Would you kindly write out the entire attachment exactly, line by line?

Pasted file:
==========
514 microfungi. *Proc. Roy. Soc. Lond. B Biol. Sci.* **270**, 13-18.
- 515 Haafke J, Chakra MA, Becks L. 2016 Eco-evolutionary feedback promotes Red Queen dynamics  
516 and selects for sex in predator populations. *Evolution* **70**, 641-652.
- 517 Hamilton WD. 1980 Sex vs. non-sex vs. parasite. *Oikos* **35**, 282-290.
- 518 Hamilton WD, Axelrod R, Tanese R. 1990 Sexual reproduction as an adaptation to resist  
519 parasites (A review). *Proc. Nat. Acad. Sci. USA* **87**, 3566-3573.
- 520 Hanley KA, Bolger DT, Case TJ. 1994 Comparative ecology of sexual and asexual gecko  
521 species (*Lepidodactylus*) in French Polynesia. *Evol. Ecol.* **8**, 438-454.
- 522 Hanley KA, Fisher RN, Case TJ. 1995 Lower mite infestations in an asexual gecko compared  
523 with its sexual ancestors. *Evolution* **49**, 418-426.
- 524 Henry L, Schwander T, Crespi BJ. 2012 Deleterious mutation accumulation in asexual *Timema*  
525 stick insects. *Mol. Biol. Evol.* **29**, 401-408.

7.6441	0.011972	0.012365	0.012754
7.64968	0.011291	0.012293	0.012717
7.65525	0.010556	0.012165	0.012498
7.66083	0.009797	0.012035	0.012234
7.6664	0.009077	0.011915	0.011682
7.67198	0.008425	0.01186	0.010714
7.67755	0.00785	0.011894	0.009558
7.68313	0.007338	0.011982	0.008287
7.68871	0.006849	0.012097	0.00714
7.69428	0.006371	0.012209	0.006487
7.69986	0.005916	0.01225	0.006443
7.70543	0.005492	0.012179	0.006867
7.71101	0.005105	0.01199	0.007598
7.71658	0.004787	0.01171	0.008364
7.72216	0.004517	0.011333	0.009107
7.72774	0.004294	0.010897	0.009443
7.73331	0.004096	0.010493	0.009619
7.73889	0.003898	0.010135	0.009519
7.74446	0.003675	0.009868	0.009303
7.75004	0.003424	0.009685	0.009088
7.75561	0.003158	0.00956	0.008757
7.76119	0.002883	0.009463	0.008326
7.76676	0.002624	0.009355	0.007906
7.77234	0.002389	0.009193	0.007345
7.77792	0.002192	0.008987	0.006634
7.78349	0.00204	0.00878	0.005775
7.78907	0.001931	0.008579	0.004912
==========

514 microfungi. *Proc. Roy. Soc. Lond. B Biol. Sci.* **270**, 13-18.
- 515 Haafke J, Chakra MA, Becks L. 2016 Eco-evolutionary feedback promotes Red Queen dynamics  
516 and selects for sex in predator populations. *Evolution* **70**, 641-652.
- 517 Hamilton WD. 1980 Sex vs. non-sex vs. parasite. *Oikos* **35**, 282-290.
- 518 Hamilton WD, Axelrod R, Tanese R. 1990 Sexual reproduction as an adaptation to resist  
519 parasites (A review). *Proc. Nat. Acad. Sci. USA* **87**, 3566-3573.
- 520 Hanley KA, Bolger DT, Case TJ. 1994 Comparative ecology of sexual and asexual gecko  
521 species (*Lepidodactylus*) in French Polynesia. *Evol. Ecol.* **8**, 438-454.
- 522 Hanley KA, Fisher RN, Case TJ. 1995 Lower mite infestations in an asexual gecko compared  
523 with its sexual ancestors. *Evolution* **49**, 418-426.
- 524 Henry L, Schwander T, Crespi BJ. 2012 Deleterious mutation accumulation in asexual *Timema*  
525 stick insects. *Mol. Biol. Evol.* **29**, 401-408.

7.6441	0.011972	0.012365	0.012754
7.64968	0.011291	0.012293	0.012717
7.65525	0.010556	0.012165	0.012498
7.66083	0.009797	0.012035	0.012234
7.6664	0.009077	0.011915	0.011682
7.67198	0.008425	0.01186	0.010714
7.67755	0.00785	0.011894	0.009558
7.68313	0.007338	0.011982	0.008287
7.68871	0.006849	0.012097	0.00714
7.69428	0.006371	0.012209	0.006487
7.69986	0.005916	0.01225	0.006443
7.70543	0.005492	0.012179	0.006867
7.71101	0.005105	0.01199	0.007598
7.71658	0.004787	0.01171	0.008364
7.72216	0.004517	0.011333	0.009107
7.72774	0.004294	0.010897	0.009443
7.73331	0.004096	0.010493	0.009619
7.73889	0.003898	0.010135	0.009519
7.74446	0.003675	0.009868	0.009303
7.75004	0.003424	0.009685	0.009088
7.75561	0.003158	0.00956	0.008757
7.76119	0.002883	0.009463	0.008326
7.76676	0.002624	0.009355	0.007906
7.77234	0.002389	0.009193	0.007345
7.77792	0.002192	0.008987	0.006634
7.78349	0.00204	0.00878	0.005775
7.78907	0.001931	0.008579	0.004912